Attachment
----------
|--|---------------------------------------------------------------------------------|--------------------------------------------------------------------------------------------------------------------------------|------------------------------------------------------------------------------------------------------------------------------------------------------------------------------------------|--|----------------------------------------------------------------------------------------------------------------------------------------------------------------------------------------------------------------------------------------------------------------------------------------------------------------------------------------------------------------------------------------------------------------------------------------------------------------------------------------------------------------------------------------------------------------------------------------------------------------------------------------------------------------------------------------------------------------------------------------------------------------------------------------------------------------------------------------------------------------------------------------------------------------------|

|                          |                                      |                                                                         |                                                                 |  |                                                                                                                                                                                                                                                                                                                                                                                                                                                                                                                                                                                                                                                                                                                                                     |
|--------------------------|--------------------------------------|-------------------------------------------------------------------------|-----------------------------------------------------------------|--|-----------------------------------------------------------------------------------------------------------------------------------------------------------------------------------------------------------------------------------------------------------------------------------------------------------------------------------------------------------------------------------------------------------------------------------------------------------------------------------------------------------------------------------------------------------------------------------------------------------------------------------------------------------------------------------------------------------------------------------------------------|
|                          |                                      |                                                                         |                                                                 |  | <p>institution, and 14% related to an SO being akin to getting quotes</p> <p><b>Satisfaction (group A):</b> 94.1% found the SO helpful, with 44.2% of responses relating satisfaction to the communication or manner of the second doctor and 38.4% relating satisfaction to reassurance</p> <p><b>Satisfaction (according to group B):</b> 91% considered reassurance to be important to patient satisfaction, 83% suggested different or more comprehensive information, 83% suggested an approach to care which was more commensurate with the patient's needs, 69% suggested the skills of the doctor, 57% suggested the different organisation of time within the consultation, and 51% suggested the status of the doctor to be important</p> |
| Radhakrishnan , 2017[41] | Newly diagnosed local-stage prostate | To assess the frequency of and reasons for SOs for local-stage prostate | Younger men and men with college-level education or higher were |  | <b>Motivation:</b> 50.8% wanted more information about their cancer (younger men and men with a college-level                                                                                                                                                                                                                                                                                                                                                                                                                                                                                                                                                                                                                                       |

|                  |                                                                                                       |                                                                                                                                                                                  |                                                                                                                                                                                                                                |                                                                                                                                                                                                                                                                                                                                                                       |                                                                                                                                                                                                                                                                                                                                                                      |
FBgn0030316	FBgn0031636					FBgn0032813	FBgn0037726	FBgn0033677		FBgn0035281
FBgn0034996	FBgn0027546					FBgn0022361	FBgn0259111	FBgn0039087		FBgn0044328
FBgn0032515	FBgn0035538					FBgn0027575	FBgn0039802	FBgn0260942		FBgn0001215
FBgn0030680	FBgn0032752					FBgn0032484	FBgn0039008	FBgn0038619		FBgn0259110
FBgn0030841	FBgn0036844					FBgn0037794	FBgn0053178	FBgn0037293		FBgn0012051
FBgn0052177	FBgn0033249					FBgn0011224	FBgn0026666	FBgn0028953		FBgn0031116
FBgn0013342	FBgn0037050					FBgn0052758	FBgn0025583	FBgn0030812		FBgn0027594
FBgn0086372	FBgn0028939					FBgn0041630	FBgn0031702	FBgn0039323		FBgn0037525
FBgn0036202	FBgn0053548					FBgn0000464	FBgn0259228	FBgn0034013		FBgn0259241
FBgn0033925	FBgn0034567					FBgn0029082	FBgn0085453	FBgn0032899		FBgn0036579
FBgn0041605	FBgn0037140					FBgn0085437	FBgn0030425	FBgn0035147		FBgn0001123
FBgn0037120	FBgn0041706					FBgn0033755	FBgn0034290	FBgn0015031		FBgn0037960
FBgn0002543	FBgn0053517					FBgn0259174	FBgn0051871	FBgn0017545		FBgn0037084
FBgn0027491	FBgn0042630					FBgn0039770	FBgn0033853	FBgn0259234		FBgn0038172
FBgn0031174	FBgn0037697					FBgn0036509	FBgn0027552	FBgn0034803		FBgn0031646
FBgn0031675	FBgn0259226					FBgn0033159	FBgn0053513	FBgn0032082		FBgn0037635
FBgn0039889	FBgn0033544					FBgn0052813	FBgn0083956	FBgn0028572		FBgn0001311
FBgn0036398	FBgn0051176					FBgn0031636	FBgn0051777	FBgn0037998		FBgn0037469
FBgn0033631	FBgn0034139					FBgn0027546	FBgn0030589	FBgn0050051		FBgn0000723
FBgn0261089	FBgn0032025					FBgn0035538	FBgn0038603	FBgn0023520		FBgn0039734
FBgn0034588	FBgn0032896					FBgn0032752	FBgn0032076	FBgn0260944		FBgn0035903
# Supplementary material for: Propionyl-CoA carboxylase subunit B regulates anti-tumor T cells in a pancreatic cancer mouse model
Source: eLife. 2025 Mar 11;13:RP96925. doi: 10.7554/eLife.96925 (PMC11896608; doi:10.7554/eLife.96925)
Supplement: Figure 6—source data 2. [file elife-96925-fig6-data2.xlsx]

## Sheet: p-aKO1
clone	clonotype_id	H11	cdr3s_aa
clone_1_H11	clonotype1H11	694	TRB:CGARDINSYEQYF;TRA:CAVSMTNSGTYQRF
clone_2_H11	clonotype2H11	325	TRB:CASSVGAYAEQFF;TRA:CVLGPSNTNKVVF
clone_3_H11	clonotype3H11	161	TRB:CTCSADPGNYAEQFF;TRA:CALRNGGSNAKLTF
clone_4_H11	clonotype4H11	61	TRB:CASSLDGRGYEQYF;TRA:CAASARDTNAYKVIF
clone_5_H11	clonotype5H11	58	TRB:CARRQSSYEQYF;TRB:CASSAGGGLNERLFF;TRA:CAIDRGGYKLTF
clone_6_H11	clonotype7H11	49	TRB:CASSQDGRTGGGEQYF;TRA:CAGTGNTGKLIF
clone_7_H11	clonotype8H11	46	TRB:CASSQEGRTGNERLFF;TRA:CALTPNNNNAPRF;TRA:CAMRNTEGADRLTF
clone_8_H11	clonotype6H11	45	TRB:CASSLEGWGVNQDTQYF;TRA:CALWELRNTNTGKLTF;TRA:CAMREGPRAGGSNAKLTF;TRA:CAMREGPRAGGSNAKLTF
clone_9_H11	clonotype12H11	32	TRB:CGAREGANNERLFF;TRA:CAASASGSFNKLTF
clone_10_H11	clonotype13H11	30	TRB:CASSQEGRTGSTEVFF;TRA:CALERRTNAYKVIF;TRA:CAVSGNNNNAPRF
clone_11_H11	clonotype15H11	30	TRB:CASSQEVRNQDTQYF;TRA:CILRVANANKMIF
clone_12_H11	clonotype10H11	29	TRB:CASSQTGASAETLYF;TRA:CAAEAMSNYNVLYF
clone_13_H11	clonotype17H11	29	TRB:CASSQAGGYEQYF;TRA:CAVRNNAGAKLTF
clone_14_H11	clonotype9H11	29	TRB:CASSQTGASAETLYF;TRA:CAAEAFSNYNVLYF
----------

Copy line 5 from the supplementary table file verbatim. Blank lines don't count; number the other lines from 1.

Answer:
| Radhakrishnan , 2017[41] | Newly diagnosed local-stage prostate | To assess the frequency of and reasons for SOs for local-stage prostate | Younger men and men with college-level education or higher were |  | <b>Motivation:</b> 50.8% wanted more information about their cancer (younger men and men with a college-level                                                                                                                                                                                                                                                                                                                                                                                                                                                                                                                                                                                                                                       |